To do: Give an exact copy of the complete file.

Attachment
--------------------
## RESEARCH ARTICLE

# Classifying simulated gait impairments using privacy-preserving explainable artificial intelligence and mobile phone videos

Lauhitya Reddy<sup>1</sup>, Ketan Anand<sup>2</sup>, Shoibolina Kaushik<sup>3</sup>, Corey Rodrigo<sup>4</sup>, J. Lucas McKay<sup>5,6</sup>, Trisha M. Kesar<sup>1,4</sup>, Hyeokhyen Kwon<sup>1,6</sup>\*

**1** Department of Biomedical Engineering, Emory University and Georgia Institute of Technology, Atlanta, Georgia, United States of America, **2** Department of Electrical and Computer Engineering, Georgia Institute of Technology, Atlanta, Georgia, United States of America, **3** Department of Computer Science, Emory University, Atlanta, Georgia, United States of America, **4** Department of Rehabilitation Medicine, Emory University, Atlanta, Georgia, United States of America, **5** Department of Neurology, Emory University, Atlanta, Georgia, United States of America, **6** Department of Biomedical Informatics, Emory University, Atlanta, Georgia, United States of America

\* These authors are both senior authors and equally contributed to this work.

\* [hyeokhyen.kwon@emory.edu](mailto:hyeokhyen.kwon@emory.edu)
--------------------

## RESEARCH ARTICLE

# Classifying simulated gait impairments using privacy-preserving explainable artificial intelligence and mobile phone videos

Lauhitya Reddy<sup>1</sup>, Ketan Anand<sup>2</sup>, Shoibolina Kaushik<sup>3</sup>, Corey Rodrigo<sup>4</sup>, J. Lucas McKay<sup>5,6</sup>, Trisha M. Kesar<sup>1,4</sup>, Hyeokhyen Kwon<sup>1,6</sup>\*

**1** Department of Biomedical Engineering, Emory University and Georgia Institute of Technology, Atlanta, Georgia, United States of America, **2** Department of Electrical and Computer Engineering, Georgia Institute of Technology, Atlanta, Georgia, United States of America, **3** Department of Computer Science, Emory University, Atlanta, Georgia, United States of America, **4** Department of Rehabilitation Medicine, Emory University, Atlanta, Georgia, United States of America, **5** Department of Neurology, Emory University, Atlanta, Georgia, United States of America, **6** Department of Biomedical Informatics, Emory University, Atlanta, Georgia, United States of America

\* These authors are both senior authors and equally contributed to this work.

\* [hyeokhyen.kwon@emory.edu](mailto:hyeokhyen.kwon@emory.edu)